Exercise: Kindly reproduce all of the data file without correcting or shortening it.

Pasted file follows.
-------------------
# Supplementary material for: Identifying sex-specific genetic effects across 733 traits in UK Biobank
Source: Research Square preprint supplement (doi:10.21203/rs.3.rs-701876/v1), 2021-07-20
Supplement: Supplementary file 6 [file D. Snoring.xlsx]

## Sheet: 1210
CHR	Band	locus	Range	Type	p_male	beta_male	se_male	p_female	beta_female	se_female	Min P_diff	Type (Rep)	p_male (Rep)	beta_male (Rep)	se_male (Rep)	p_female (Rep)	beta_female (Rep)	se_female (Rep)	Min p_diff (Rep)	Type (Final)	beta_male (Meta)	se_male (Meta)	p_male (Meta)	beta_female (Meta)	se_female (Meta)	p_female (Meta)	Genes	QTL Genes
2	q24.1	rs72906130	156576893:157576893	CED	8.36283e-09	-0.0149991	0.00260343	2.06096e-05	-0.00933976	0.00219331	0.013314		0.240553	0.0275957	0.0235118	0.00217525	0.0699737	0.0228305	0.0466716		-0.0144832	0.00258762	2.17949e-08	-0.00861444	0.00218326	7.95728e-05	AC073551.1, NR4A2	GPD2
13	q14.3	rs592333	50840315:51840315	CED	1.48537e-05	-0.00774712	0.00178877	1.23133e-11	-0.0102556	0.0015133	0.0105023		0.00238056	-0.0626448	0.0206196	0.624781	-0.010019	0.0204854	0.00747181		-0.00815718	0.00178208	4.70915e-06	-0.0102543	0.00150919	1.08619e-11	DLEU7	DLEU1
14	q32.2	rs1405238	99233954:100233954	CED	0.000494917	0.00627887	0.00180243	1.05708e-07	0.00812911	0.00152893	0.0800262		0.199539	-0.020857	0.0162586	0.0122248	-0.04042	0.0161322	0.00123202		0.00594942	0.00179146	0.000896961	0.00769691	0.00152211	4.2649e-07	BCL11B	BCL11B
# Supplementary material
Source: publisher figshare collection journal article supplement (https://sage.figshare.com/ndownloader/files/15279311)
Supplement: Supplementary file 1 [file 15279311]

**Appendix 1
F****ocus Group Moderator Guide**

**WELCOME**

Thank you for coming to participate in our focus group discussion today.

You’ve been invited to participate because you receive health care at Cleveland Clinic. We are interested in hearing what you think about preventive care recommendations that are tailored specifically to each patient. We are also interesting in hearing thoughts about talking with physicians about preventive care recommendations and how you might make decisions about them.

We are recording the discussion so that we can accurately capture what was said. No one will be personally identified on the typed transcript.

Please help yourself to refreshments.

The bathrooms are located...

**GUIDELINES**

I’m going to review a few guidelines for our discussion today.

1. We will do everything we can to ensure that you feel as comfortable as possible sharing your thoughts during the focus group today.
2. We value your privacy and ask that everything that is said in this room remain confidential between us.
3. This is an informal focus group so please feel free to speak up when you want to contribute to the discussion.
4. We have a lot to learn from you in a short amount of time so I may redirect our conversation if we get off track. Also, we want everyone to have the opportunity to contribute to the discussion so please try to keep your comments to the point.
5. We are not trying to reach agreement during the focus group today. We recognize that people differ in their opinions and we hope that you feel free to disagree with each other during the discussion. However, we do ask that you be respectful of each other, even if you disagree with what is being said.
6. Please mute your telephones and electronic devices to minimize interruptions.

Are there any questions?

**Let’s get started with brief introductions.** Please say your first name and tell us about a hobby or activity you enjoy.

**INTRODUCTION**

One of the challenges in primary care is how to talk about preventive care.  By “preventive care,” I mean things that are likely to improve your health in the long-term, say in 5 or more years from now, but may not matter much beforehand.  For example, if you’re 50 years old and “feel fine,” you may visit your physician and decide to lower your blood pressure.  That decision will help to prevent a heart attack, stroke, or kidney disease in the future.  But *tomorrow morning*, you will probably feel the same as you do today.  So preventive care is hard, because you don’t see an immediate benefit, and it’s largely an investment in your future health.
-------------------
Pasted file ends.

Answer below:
# Supplementary material for: Identifying sex-specific genetic effects across 733 traits in UK Biobank
Source: Research Square preprint supplement (doi:10.21203/rs.3.rs-701876/v1), 2021-07-20
Supplement: Supplementary file 6 [file D. Snoring.xlsx]

## Sheet: 1210
CHR	Band	locus	Range	Type	p_male	beta_male	se_male	p_female	beta_female	se_female	Min P_diff	Type (Rep)	p_male (Rep)	beta_male (Rep)	se_male (Rep)	p_female (Rep)	beta_female (Rep)	se_female (Rep)	Min p_diff (Rep)	Type (Final)	beta_male (Meta)	se_male (Meta)	p_male (Meta)	beta_female (Meta)	se_female (Meta)	p_female (Meta)	Genes	QTL Genes
2	q24.1	rs72906130	156576893:157576893	CED	8.36283e-09	-0.0149991	0.00260343	2.06096e-05	-0.00933976	0.00219331	0.013314		0.240553	0.0275957	0.0235118	0.00217525	0.0699737	0.0228305	0.0466716		-0.0144832	0.00258762	2.17949e-08	-0.00861444	0.00218326	7.95728e-05	AC073551.1, NR4A2	GPD2
13	q14.3	rs592333	50840315:51840315	CED	1.48537e-05	-0.00774712	0.00178877	1.23133e-11	-0.0102556	0.0015133	0.0105023		0.00238056	-0.0626448	0.0206196	0.624781	-0.010019	0.0204854	0.00747181		-0.00815718	0.00178208	4.70915e-06	-0.0102543	0.00150919	1.08619e-11	DLEU7	DLEU1
14	q32.2	rs1405238	99233954:100233954	CED	0.000494917	0.00627887	0.00180243	1.05708e-07	0.00812911	0.00152893	0.0800262		0.199539	-0.020857	0.0162586	0.0122248	-0.04042	0.0161322	0.00123202		0.00594942	0.00179146	0.000896961	0.00769691	0.00152211	4.2649e-07	BCL11B	BCL11B
# Supplementary material
Source: publisher figshare collection journal article supplement (https://sage.figshare.com/ndownloader/files/15279311)
Supplement: Supplementary file 1 [file 15279311]

**Appendix 1
F****ocus Group Moderator Guide**

**WELCOME**

Thank you for coming to participate in our focus group discussion today.

You’ve been invited to participate because you receive health care at Cleveland Clinic. We are interested in hearing what you think about preventive care recommendations that are tailored specifically to each patient. We are also interesting in hearing thoughts about talking with physicians about preventive care recommendations and how you might make decisions about them.

We are recording the discussion so that we can accurately capture what was said. No one will be personally identified on the typed transcript.

Please help yourself to refreshments.

The bathrooms are located...

**GUIDELINES**

I’m going to review a few guidelines for our discussion today.

1. We will do everything we can to ensure that you feel as comfortable as possible sharing your thoughts during the focus group today.
2. We value your privacy and ask that everything that is said in this room remain confidential between us.
3. This is an informal focus group so please feel free to speak up when you want to contribute to the discussion.
4. We have a lot to learn from you in a short amount of time so I may redirect our conversation if we get off track. Also, we want everyone to have the opportunity to contribute to the discussion so please try to keep your comments to the point.
5. We are not trying to reach agreement during the focus group today. We recognize that people differ in their opinions and we hope that you feel free to disagree with each other during the discussion. However, we do ask that you be respectful of each other, even if you disagree with what is being said.
6. Please mute your telephones and electronic devices to minimize interruptions.

Are there any questions?

**Let’s get started with brief introductions.** Please say your first name and tell us about a hobby or activity you enjoy.

**INTRODUCTION**

One of the challenges in primary care is how to talk about preventive care.  By “preventive care,” I mean things that are likely to improve your health in the long-term, say in 5 or more years from now, but may not matter much beforehand.  For example, if you’re 50 years old and “feel fine,” you may visit your physician and decide to lower your blood pressure.  That decision will help to prevent a heart attack, stroke, or kidney disease in the future.  But *tomorrow morning*, you will probably feel the same as you do today.  So preventive care is hard, because you don’t see an immediate benefit, and it’s largely an investment in your future health.